If you’re new to the world of crypto currencies, you’ll probably use an exchange: a marketplace where buyers and sellers interact. Theoretically, it should work like a stock exchange, but in reality, it can be quite different.
At the time of writing, there are at least 190 exchanges to choose from, with more appearing all the time. Without rules and regulations, there’s no obligation for the exchange to replace your digital money if it should get hacked. In fact, Mt. Gox, one of the first exchanges to go mainstream, went bankrupt.
Don’t gamble on buying your Bitcoin from a fly-by-night exchange that could disappear: these are our tips for choosing the right exchange.
1. Look for the address
No address, no deal. If you don’t know where your exchange is based, it’d be difficult for you to find out the legalities of your situation should you get hacked.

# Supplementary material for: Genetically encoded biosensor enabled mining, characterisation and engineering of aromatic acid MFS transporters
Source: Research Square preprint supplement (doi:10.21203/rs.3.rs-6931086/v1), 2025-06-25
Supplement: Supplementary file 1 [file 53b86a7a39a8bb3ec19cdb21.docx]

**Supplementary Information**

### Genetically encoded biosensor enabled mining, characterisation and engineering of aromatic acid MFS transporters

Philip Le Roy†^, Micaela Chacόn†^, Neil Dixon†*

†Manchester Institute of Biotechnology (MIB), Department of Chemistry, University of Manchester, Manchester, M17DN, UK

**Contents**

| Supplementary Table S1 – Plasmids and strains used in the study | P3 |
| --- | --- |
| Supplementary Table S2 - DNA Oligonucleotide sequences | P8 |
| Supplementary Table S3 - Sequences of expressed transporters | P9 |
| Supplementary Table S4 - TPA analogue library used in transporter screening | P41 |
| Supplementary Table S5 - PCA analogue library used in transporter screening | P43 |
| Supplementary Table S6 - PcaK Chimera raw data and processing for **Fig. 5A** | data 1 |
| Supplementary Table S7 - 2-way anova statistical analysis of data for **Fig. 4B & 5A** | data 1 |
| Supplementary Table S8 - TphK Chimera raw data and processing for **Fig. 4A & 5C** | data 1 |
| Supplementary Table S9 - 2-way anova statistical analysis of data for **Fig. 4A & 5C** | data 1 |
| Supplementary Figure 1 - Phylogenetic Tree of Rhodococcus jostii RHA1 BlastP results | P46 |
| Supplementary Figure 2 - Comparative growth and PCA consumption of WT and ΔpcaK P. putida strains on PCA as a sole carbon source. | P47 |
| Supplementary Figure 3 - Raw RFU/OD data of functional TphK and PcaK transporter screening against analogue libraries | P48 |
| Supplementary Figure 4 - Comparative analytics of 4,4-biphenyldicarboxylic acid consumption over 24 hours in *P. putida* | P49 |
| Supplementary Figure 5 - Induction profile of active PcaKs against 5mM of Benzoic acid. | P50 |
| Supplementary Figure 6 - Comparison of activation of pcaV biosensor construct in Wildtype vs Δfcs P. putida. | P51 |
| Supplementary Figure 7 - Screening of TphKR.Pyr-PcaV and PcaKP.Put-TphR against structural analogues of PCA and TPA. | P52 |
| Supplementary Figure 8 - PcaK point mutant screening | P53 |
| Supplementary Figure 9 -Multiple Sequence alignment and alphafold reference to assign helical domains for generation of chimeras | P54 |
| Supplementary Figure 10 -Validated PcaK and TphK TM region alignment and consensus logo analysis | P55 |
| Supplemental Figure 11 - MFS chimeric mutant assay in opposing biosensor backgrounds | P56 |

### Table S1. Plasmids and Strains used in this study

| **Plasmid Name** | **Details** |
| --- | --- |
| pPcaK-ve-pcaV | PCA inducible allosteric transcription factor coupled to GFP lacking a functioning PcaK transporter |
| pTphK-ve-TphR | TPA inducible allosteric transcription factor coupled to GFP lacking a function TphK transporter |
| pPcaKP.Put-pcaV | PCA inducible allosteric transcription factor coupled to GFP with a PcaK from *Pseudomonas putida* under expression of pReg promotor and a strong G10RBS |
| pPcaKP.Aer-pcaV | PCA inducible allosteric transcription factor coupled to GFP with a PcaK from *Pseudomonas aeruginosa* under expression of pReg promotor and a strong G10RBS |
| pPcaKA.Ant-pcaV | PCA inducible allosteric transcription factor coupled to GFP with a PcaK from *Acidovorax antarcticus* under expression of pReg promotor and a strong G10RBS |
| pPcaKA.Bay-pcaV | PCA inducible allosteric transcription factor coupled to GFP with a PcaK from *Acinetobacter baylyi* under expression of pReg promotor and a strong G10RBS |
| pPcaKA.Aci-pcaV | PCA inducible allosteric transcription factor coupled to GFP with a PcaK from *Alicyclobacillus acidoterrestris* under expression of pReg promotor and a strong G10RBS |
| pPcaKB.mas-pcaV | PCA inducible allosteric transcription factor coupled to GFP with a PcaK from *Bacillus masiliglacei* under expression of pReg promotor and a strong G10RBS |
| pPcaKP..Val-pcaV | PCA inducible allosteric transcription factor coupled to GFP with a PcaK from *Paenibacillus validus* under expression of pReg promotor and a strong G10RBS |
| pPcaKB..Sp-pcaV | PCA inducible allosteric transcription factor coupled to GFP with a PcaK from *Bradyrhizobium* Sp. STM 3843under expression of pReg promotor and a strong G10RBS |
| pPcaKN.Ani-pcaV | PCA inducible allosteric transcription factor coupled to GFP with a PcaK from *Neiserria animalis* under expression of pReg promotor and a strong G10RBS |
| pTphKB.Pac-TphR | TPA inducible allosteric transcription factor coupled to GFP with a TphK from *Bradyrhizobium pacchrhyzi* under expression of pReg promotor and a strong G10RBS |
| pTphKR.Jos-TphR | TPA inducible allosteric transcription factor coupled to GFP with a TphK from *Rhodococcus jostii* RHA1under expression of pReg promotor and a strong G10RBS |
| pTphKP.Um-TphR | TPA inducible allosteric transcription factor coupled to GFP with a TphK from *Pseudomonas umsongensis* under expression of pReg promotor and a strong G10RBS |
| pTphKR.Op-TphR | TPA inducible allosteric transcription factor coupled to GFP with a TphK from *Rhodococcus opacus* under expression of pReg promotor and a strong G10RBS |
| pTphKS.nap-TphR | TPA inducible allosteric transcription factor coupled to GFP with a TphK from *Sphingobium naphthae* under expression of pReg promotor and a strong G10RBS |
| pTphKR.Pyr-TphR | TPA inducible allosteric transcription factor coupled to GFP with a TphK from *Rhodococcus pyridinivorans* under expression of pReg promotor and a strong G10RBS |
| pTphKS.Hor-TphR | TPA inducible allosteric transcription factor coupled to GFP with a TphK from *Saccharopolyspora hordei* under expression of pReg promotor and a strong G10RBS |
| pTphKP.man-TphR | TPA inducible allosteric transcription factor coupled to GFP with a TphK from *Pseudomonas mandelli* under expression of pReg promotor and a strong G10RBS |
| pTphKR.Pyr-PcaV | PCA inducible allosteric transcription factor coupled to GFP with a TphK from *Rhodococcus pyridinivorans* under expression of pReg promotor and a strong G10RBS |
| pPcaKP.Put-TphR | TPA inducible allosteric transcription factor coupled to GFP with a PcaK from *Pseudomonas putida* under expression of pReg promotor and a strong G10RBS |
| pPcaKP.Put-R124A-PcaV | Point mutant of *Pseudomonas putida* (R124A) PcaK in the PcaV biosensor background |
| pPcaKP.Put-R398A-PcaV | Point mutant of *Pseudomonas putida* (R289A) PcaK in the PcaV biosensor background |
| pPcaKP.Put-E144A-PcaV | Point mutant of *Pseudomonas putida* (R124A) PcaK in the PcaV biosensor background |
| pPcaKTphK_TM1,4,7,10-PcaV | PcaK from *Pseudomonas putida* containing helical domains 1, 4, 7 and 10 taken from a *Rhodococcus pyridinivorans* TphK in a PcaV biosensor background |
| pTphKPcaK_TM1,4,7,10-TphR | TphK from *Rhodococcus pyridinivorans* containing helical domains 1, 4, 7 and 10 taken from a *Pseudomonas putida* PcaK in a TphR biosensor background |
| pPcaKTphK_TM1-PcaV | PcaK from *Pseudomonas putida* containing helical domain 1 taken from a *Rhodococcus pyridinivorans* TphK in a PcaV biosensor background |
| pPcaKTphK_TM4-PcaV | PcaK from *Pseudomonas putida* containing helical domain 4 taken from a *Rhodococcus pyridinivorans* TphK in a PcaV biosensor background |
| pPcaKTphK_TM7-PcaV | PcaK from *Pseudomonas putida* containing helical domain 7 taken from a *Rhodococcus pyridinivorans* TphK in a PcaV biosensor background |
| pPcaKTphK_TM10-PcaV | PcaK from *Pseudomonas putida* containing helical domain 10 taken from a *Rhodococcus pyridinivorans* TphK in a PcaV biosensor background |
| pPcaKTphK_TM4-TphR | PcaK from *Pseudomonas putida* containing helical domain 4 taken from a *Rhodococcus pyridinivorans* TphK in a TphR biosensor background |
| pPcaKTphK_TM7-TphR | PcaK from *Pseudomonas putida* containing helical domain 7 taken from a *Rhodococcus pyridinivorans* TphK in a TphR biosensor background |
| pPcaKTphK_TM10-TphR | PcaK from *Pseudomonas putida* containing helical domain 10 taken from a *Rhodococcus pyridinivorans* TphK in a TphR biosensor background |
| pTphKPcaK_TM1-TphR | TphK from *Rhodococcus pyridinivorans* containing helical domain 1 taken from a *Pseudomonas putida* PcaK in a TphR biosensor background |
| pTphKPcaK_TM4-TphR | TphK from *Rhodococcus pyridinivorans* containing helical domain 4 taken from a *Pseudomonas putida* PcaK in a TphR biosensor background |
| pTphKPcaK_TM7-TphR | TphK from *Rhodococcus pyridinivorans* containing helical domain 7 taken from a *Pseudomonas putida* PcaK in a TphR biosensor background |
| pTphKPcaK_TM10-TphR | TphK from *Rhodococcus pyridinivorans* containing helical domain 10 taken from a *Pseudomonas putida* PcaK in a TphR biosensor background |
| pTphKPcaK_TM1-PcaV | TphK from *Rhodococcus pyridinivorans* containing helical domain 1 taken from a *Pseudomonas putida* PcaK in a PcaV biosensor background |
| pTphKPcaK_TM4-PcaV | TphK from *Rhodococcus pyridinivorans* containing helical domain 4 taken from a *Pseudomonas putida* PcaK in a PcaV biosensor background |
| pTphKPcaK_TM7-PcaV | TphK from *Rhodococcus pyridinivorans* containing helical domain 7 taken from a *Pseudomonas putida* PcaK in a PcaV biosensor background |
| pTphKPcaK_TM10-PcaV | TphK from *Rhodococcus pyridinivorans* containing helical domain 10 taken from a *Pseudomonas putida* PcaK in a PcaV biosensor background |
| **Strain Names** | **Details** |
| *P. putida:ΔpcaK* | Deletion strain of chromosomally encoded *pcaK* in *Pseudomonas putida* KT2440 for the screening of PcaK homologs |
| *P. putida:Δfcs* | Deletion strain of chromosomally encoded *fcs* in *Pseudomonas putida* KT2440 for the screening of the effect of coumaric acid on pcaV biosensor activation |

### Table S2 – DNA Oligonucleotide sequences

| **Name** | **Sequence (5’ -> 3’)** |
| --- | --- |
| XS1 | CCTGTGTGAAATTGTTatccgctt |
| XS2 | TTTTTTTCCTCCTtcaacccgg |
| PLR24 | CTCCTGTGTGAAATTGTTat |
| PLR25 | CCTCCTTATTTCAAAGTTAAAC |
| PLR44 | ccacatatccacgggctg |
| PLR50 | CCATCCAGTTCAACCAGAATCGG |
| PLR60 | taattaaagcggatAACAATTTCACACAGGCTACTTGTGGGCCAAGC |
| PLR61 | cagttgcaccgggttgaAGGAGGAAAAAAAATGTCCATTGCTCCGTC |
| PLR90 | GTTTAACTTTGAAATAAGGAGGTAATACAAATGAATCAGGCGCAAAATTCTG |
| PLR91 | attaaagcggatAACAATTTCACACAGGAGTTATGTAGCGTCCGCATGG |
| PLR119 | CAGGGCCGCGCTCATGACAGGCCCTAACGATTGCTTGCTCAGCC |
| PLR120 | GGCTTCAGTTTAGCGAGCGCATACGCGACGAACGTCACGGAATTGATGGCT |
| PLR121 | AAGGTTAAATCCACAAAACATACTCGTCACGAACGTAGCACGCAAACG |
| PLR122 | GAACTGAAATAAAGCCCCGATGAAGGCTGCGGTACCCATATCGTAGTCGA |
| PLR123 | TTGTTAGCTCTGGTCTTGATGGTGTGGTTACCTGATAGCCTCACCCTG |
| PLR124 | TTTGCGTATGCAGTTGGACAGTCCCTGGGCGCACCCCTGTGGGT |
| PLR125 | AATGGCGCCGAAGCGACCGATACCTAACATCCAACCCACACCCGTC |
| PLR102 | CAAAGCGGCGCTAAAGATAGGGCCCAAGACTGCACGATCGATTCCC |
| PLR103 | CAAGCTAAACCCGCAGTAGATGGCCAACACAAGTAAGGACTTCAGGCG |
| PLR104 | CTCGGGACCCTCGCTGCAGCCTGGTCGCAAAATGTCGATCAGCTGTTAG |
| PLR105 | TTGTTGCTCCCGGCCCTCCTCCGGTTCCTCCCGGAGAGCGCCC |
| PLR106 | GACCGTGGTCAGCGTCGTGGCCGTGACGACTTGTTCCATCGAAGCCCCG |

2. What’s its reputation like?
Simply googling the name of the exchange can lead you into forums where people share their experiences. You’ll be able to gauge potential problems and speak to other users of the exchange. But don’t just search the name: add ‘hack’ onto the end to find the real stories.
3. Be pedantic about security
Is opening an account difficult? Good. If it’s easy, it’s untrustworthy and if things go south, you might not be able to get your money back. Experts say that at least 95% of the exchange’s assets should be kept offline.
4. Consider the fees
More secure exchanges charge higher transaction rates. Coinbase, one of the reputable exchanges, charges a base rate of 4% for all transactions. If you’re seeing a 0.2% transaction fee, be on high alert.
5. Be lightning-quick
The key to effective crypto-trading is efficiency. Don’t keep too much money on the exchange for too long and never trade more than you can afford to lose.